who lived in the 500’s. The church was built in the 900’s, and a century later the nave was widened. The crude construction is pretty cool. The alter, at the other end of the church,
has a carved stone above it. Nearby is the reputed gravesite of St. Caomhan. Local folklore claims that if you spend the night sleeping on the tomb, your particular illness will be cured (my guess is that sleeping there would be sufficiently uncomfortable that afterwards other parts hurt worse).
A final point of interest is O’Brien’s Castle, the ruins of which dominate the hilltop and are visible from most of the island. This small castle was built as a tower house refuge around 1400 by the O’Brien clan whom we’ve met before (“Southwest Ireland Tour II – Mizen Head and Killarney National Park“, July 8, 2015). The castle sits inside the low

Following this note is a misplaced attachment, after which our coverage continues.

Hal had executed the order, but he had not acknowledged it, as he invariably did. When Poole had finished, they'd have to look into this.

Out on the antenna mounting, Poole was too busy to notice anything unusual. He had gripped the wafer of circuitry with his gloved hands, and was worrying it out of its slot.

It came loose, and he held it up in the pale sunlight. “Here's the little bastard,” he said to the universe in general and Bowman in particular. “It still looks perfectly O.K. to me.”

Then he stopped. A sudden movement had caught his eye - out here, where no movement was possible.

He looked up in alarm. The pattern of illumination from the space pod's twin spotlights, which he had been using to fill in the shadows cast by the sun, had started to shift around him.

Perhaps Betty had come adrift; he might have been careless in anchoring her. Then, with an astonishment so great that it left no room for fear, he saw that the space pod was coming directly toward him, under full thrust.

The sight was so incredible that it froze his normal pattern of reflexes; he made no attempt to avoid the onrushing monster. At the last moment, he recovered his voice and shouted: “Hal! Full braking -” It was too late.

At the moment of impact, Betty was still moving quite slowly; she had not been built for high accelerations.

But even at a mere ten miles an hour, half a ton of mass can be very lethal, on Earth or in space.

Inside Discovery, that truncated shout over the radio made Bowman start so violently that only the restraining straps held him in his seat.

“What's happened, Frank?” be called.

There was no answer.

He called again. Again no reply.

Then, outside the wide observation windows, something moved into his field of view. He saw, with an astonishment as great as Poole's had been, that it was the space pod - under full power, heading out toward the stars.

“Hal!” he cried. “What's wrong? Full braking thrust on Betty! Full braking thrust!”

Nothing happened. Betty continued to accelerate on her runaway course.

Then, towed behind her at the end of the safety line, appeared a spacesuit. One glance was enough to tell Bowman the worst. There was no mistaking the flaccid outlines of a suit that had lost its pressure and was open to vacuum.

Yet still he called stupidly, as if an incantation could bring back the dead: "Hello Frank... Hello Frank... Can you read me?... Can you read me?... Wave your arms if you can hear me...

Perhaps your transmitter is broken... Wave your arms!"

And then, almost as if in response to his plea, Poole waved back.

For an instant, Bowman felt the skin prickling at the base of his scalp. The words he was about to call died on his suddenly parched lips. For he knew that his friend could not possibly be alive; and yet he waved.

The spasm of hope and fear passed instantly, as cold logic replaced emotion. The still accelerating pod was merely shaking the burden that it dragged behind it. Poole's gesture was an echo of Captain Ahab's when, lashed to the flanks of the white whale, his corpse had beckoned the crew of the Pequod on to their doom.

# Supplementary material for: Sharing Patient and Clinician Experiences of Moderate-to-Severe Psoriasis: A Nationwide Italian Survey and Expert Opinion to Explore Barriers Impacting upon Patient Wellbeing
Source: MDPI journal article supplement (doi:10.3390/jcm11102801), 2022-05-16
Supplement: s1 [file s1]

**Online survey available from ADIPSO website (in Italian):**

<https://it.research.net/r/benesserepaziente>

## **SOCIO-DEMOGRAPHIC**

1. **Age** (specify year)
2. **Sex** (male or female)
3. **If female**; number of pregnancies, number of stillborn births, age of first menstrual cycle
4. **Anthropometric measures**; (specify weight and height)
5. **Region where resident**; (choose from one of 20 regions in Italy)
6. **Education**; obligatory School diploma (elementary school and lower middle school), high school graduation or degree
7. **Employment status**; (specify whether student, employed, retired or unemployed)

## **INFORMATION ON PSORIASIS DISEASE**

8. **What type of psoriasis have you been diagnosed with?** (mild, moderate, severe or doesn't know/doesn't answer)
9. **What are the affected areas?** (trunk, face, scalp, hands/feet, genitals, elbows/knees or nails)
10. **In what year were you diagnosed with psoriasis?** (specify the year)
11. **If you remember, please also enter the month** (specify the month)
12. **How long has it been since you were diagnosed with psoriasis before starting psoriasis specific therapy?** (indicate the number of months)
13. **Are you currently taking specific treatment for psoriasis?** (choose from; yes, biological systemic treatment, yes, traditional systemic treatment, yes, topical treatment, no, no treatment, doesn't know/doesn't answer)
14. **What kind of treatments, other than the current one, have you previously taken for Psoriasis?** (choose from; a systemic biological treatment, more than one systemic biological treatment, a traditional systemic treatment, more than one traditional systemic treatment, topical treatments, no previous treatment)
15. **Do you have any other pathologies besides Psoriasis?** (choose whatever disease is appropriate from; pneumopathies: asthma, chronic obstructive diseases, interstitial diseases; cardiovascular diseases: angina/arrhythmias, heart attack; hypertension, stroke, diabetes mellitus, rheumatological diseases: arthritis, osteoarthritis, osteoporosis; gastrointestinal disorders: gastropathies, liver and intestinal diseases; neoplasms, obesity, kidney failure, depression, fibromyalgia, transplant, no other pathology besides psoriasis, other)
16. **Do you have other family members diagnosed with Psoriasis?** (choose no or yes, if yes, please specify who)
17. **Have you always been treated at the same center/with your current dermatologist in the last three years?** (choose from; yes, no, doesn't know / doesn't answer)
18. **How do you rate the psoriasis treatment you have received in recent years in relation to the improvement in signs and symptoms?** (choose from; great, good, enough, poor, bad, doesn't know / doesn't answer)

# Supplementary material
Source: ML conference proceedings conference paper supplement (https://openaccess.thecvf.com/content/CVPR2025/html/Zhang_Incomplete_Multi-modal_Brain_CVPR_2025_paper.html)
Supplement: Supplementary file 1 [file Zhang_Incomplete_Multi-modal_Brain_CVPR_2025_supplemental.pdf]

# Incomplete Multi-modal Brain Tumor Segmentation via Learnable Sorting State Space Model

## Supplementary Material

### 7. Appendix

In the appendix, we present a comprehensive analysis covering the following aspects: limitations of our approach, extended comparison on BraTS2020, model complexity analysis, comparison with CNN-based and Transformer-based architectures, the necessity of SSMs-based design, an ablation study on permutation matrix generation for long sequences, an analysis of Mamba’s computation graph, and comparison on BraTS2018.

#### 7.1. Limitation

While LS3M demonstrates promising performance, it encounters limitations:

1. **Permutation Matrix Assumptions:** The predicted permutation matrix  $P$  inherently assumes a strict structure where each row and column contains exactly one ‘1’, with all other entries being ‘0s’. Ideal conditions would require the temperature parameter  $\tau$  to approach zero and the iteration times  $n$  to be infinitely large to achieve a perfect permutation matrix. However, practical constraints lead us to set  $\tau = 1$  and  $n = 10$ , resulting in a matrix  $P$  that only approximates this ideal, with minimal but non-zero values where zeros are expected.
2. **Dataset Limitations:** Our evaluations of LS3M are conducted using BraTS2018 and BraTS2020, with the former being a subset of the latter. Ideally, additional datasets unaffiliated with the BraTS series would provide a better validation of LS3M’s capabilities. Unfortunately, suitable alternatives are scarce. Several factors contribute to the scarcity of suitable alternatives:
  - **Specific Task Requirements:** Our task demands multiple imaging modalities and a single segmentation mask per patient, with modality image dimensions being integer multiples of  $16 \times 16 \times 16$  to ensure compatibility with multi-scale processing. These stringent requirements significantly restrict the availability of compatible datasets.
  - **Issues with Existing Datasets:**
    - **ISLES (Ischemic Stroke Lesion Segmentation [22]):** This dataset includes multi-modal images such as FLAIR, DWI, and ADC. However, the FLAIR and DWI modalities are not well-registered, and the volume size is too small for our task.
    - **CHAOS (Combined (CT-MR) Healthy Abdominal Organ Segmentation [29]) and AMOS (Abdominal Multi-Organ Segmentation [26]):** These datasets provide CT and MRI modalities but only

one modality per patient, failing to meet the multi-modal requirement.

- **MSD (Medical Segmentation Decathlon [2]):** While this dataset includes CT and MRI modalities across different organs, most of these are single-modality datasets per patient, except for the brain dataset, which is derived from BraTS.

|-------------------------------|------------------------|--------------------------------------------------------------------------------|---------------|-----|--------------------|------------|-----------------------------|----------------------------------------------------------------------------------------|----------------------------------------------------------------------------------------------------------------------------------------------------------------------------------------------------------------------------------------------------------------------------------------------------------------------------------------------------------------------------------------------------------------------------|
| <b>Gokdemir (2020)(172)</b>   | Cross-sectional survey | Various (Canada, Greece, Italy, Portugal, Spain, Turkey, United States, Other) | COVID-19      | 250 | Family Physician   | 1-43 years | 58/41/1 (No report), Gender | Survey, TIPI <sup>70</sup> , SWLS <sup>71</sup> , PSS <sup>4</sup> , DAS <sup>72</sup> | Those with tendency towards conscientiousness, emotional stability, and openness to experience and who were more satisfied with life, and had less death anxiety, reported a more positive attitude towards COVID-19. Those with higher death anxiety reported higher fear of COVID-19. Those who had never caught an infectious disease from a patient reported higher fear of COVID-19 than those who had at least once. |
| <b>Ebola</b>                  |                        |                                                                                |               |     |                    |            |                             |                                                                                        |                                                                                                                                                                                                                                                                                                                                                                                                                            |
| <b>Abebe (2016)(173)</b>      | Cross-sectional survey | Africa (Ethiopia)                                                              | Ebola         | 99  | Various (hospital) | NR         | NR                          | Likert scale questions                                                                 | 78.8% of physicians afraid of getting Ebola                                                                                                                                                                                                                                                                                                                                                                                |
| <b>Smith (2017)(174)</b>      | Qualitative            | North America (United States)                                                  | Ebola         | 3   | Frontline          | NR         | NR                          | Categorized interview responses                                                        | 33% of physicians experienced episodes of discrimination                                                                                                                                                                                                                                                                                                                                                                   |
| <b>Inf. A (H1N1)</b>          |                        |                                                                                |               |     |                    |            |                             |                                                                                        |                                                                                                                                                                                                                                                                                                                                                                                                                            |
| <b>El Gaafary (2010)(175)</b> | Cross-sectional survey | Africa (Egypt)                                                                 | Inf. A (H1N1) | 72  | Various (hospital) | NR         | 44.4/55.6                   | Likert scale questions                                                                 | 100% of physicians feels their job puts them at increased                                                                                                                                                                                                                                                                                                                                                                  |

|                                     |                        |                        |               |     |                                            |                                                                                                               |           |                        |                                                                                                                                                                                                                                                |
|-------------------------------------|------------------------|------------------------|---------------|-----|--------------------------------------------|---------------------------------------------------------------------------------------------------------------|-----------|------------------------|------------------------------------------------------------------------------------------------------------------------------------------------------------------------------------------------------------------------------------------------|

wall of a much older Iron Age ring fort. The (hated) Cromwell’s army attacked the castle
in 1652, leaving the ruins seen today.
This hilltop is an excellent vantage point to view the island and see the incredible number of stone walls that surround the small plots of land; it was obviously easier to build walls
with the stones than carry those suckers down to the beach.
On the way back to Doolin we get an up-close view of the Cliffs of Moher from the sea.
Even better, we get a good look at some nesting sea birds — kittiwakes, razorbillls, guillemots and puffins. Puffins! How cool is that! First, take a look at one of the nesting